This is the penultimate installment of Naxos’ Moyzes Symphony Series. Slovak composer Alexander Moyzes completed 12 symphonies. Symphonies 9 and 10 date from the 1970s.
Symphony No. 9 was premiered in 1971 and is the work of a mature composer. Moyzes wrote in a neo-romantic style. This symphony blends in some extreme dissonance, creating a work that seemed somewhat on edge. The three movements each neatly break down into three sections. But there’s nothing formalistic about this work.
Critics have compared Moyzes’ Ninth Symphony to contemporary works of Shostakovich. It’s a good analogy. Both composers were trying to express emotional outrage that tonality could barely contain. In Moyzes’ case, it was the invasion and occupation of Czechoslovakia by the USSR.
It’s a powerful work, and the performance of the Slovák and the Slovak Radio Symphony Orchestra ensure the emotions hit home.
Moyzes completed his tenth symphony at the end of the decade. Premiered in 1979, Symphony No. 10 seems to have no political subtext. It’s just about the music. And what music! Moyzes’ harmonies push the boundaries of tonality in imaginative and appealing ways. The slow movements are exceptionally beautiful, with alluring melodies that hint of exoticism.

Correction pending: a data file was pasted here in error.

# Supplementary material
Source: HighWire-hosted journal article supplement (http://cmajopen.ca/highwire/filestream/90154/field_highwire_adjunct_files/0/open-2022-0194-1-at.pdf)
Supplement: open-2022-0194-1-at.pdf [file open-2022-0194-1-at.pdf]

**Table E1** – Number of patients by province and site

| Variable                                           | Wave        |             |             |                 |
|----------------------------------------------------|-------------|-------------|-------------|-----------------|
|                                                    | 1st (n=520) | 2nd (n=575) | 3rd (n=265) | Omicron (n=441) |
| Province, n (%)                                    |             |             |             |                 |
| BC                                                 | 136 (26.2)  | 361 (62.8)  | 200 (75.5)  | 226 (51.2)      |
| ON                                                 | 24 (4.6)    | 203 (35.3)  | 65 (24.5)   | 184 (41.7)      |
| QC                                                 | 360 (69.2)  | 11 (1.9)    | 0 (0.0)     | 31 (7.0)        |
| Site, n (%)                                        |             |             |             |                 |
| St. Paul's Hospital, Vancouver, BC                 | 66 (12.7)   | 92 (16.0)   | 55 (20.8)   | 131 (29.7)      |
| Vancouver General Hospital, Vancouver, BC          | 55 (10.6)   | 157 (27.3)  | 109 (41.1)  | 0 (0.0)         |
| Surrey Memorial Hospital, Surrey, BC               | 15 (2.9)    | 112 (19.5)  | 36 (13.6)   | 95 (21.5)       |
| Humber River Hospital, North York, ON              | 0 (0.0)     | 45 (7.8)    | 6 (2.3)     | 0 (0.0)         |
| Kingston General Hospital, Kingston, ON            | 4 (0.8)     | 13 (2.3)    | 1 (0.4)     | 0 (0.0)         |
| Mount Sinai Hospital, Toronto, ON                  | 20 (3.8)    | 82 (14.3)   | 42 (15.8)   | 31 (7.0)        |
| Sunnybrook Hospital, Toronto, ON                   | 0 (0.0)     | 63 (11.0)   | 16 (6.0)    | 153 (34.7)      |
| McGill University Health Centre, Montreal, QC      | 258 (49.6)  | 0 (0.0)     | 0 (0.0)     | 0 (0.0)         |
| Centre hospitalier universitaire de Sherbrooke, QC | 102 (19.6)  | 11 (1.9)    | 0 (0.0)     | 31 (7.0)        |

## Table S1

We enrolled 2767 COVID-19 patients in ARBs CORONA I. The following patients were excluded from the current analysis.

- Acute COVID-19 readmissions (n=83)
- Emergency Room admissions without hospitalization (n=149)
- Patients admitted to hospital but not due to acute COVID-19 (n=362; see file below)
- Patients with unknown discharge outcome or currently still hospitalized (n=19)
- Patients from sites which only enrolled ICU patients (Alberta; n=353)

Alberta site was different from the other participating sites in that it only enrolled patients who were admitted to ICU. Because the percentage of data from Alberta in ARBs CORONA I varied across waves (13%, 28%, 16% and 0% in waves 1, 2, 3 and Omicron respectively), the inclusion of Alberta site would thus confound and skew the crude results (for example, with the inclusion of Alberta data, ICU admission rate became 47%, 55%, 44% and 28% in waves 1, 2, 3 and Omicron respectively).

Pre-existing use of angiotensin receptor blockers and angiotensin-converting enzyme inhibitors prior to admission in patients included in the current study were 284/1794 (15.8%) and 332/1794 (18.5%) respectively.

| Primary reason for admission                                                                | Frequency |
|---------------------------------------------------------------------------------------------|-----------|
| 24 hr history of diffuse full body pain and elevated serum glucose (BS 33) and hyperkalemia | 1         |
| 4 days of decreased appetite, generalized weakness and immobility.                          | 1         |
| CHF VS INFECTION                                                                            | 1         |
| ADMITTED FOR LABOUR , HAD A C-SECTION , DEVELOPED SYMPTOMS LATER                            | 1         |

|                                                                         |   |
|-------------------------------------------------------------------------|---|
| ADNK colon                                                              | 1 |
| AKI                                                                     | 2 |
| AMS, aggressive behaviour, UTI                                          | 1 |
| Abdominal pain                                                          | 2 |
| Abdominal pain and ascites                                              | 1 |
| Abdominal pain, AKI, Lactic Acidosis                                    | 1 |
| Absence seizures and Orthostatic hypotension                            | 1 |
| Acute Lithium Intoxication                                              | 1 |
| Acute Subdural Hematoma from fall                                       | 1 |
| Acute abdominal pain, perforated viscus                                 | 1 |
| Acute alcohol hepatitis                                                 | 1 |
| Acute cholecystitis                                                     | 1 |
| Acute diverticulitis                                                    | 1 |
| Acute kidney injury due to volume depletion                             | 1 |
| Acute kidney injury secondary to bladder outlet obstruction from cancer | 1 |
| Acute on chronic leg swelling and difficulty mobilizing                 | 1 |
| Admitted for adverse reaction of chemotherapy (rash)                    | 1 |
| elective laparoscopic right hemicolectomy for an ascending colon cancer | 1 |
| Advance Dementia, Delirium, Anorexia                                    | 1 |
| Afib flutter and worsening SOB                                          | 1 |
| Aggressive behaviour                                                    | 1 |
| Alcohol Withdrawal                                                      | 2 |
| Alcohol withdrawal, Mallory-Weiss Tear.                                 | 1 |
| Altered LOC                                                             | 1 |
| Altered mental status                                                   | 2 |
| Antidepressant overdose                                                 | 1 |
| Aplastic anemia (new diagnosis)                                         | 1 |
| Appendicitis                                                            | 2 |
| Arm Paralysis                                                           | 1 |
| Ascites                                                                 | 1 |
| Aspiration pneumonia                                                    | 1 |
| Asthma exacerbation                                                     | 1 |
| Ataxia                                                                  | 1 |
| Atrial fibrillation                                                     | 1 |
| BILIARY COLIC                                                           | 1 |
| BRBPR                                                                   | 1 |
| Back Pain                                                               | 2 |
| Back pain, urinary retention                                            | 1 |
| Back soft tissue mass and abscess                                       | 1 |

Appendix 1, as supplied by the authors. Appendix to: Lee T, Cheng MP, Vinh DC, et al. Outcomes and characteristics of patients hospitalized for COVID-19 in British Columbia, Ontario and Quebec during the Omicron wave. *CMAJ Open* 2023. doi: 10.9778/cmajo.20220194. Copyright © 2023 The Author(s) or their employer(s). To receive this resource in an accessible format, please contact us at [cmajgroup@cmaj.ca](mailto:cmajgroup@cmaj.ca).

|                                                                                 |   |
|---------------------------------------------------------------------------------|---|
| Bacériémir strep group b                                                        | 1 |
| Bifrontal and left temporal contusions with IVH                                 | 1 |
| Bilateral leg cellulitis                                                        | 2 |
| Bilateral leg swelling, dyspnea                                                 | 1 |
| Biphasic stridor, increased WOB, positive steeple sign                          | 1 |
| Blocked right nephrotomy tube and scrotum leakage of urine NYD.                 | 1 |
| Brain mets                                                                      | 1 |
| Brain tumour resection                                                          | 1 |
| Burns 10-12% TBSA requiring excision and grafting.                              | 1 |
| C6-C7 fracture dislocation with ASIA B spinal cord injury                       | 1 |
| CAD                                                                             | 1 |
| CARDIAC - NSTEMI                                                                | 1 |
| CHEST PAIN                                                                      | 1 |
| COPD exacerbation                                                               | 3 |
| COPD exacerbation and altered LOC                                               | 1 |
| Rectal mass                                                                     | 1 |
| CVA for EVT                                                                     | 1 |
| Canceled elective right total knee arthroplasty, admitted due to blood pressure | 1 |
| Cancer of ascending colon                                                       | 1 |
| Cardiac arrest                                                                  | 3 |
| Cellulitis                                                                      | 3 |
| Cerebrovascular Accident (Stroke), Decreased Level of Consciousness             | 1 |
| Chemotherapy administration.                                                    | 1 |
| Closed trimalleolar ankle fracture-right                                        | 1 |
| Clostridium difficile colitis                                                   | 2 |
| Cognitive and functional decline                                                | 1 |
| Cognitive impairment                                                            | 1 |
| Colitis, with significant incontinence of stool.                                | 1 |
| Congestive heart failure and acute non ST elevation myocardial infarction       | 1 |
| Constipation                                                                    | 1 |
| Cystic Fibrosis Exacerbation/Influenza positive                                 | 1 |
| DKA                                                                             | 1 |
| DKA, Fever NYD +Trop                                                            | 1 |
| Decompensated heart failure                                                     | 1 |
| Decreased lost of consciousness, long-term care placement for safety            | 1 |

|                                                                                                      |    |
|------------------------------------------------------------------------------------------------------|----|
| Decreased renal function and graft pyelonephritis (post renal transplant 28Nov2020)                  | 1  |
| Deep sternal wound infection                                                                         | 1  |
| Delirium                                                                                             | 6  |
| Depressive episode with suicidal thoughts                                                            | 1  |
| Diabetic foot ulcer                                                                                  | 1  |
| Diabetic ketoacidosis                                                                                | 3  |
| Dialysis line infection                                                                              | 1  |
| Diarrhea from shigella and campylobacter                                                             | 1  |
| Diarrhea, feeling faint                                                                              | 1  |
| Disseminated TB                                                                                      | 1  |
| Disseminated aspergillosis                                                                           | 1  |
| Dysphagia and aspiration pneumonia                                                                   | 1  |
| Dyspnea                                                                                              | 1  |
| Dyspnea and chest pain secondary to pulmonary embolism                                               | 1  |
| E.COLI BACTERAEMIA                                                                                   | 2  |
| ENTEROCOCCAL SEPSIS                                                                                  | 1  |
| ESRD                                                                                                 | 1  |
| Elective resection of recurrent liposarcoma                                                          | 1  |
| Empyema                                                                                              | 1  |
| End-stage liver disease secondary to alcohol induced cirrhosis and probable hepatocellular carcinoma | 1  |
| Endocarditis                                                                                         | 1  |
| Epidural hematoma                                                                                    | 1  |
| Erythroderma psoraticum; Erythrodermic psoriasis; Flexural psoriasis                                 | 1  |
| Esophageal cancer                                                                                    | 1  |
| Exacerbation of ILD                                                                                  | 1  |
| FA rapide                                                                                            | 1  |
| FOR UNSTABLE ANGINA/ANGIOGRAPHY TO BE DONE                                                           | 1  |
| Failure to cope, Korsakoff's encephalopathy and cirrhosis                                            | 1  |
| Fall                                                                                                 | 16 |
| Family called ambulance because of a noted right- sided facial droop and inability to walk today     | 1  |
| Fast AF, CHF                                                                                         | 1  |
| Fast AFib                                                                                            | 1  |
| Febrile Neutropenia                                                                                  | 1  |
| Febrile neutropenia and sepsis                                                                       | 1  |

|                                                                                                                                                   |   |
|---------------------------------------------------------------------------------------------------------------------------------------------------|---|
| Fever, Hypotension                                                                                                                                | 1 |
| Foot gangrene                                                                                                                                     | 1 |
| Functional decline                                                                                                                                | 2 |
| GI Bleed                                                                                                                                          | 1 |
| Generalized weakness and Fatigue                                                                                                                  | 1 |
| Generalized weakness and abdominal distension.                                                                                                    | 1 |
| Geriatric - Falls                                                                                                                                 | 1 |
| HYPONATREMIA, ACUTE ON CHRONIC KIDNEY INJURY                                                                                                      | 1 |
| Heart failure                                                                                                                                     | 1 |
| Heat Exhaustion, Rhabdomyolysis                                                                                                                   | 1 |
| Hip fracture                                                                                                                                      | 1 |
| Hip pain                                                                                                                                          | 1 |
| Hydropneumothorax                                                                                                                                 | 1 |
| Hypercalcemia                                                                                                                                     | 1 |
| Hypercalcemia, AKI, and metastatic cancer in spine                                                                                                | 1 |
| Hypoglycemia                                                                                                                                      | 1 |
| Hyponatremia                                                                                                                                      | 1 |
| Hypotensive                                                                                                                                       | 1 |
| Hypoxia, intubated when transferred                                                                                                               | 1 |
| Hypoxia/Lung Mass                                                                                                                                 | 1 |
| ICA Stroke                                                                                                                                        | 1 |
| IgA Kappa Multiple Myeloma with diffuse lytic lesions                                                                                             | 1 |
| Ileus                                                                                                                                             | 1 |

Moyzes, like Dvorak, wrote music that can be successfully performed by any orchestra in the world. And yet, when their music is performed by Czech ensembles an additional dimension seems to open up.
That’s the case with both these symphonies. Ladislav Slovák and the Slovak Radio Symphony Orchestra don’t just know all the notes. They know what Moyzes meant by those notes — and that informs their performances.
These recordings were first released on Marco Polo. I’m glad they’re coming out again on Naxos. These works deserve a wider audience.
Alexander Moyzes: Symphonies Nos. 9 and 10
Slovak Radio Symphony Orchestra; Ladislav Slovák, conductor